Issue #22 (June 1983)
Announcing a new scientific lavoratory
[quoteright]The Aurochs Coprolite Institute is the newest and most promising research facility in the country. As recently as a few months ago, ACI was nothing more than a cramped organizing and fund raising office in San Francisco, a large town near Brisbane. Now it occupies a spacious,
modern, warehouse-like building in Brisbane's Crocker Industrial Park.
... atomic nuclei will be bombarded with various distilled spirits...
Although barely settled in, ACI has already begun a number of trendsetting projects on its eclectic, broad-based research agenda. Here is a brief description of some of the more interesting ones:
- A team of microbiologists and zoologists who subscribe to the "Punctured Equilibrium" theory of evolution is exploring the exciting new hypothesis that certain South American frogs that give birth through the mouth may hold the key to the mechanics of speciation. Their motto: "Ontogeny Regurgitates Phylogeny."
- The discovery by radio astronomers of large clouds of alcohol in galactic space has not only provided insights into the crapulous nature of the Big Bang, but has opened a new field of high-energy research earthside. Nearing completion at ACI under the supervision of Dr. Wake Finnegan is the world's first particle exhilarator. Although small by cyclotron standards, it is a highly sophisticated instrument in which atomic nuclei will be bombarded with various distilled spirits. The toroidal device, dubbed "the Big tokaMack," will be used to search for intermediate vector bosoms, without which controlled fusion is not considered possible - or, at least, not worthwhile.
- A group consisting mostly of graduate students is delving into an exotic corner of that branch of mathematics known as topology, or the study of the shapes of Italian mice. The mysterious disappearance of Topo Gigio is a dramatic illustration of the phenomenon in which threedimensional synthetic mice eventually disappear beyond a musine event horizon, while American two-dimensional mice -- like the famous Mickey -- seem to go on forever in their flatland planiverse.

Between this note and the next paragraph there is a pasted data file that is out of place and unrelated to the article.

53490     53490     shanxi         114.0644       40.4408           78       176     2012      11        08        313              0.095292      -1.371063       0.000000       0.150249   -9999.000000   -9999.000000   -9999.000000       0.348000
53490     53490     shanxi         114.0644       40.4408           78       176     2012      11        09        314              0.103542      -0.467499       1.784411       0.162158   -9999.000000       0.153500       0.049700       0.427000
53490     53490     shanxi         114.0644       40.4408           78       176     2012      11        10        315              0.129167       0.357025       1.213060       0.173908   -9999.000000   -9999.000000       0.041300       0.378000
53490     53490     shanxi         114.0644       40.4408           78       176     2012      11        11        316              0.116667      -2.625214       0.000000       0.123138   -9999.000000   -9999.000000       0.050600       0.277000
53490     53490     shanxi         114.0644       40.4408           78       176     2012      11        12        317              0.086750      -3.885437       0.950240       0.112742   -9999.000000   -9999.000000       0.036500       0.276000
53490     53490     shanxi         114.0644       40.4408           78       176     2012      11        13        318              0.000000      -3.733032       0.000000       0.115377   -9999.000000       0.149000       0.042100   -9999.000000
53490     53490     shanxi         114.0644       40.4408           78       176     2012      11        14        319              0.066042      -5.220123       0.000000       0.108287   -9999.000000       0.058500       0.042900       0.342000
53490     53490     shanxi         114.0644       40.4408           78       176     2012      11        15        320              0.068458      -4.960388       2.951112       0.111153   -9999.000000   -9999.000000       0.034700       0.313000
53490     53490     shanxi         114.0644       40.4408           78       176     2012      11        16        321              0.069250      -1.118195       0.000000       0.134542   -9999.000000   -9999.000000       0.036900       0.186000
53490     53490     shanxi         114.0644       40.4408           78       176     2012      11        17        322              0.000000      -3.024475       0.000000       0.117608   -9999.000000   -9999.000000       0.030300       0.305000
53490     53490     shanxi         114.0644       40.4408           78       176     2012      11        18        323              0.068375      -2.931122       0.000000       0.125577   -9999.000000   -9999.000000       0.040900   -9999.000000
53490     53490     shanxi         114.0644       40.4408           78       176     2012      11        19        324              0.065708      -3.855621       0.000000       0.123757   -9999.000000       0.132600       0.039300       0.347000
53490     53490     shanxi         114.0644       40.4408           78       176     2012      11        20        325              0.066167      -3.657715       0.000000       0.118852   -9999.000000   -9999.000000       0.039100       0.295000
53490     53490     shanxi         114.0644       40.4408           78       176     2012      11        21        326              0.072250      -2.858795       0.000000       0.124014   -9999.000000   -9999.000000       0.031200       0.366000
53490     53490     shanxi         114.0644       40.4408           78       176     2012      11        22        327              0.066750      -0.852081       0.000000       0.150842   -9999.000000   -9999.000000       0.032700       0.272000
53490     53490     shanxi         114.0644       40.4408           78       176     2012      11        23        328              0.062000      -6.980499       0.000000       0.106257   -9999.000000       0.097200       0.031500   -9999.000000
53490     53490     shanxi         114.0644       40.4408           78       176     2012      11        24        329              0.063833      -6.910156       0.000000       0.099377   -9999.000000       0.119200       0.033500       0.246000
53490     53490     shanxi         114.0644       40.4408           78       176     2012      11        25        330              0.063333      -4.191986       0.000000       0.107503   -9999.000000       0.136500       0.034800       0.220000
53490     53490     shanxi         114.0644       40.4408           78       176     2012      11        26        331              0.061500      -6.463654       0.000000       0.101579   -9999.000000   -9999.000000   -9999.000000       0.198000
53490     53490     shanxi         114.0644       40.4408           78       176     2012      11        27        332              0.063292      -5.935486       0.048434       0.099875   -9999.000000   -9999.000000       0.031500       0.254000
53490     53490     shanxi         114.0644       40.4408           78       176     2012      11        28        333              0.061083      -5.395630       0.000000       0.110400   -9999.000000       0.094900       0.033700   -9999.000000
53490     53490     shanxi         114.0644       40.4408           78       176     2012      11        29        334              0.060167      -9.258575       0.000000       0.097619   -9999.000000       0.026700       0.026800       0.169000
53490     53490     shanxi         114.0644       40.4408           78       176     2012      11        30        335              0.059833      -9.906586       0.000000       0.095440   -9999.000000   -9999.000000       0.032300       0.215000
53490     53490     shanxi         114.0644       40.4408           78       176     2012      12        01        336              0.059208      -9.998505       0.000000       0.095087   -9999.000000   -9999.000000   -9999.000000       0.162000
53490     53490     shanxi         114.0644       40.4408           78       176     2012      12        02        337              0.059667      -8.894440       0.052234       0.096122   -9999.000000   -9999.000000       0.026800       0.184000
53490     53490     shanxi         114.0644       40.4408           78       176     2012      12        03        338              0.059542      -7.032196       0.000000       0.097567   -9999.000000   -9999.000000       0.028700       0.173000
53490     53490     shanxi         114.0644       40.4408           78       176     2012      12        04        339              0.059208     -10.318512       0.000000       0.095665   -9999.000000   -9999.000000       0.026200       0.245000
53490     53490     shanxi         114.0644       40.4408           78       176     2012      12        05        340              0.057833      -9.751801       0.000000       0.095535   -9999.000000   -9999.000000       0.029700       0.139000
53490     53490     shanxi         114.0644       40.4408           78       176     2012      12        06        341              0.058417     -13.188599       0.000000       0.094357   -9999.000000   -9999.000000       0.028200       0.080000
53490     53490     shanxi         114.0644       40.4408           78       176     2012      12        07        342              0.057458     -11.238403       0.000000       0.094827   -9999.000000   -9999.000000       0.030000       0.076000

- The most extraordinary ACI project combines the rigorous methodologies of psychological research with the imaginative implications of Einsteinian theories. A joint team of astrophysicists and psychologists will explore the nature of "quality spacetime," a phenomenon found primarily among binary star systems composed of red giants (or red-faced, as the psychologists would have it). It seems that these stars are so gravitationally involved with themselves and each other that they have little spacetime left for their planets, thereby evoking the compensatory mechanism of "quality" spacetime. Preliminary ACI research on this illusory phenomenon indicates that planets do not suffer from reduced space-time, with or without QS-T. However, those stars that create the impression of QS-T generate such internal pressures that many turn into novae.
- A concept that promises to revolutionize science is being refined by its inventor, Dr. Bruno von Shick, under the sponsorship of ACI. Dr. von Shick intends to bring the philosophy of science up to date by creating inexpensive, disposable Ockham's razors. Soon, resolving thorny theoretical and protocol questions will be no more difficult than the choosing of a soft drink.
Brisbanian Albert Duro writes that after many dedicated years he is shedding his "yogic hobbit image," and has become a disc jockey.
For the past 11 years Albert Duro has been managing the computer network of a small municipality in the San Francisco Bay Area. Before that, he's done just about everything: programmer; janitor; library page; political operative; ranch hand; newspaper reporter/editor; busboy; salesclerk; assembly line worker, etc...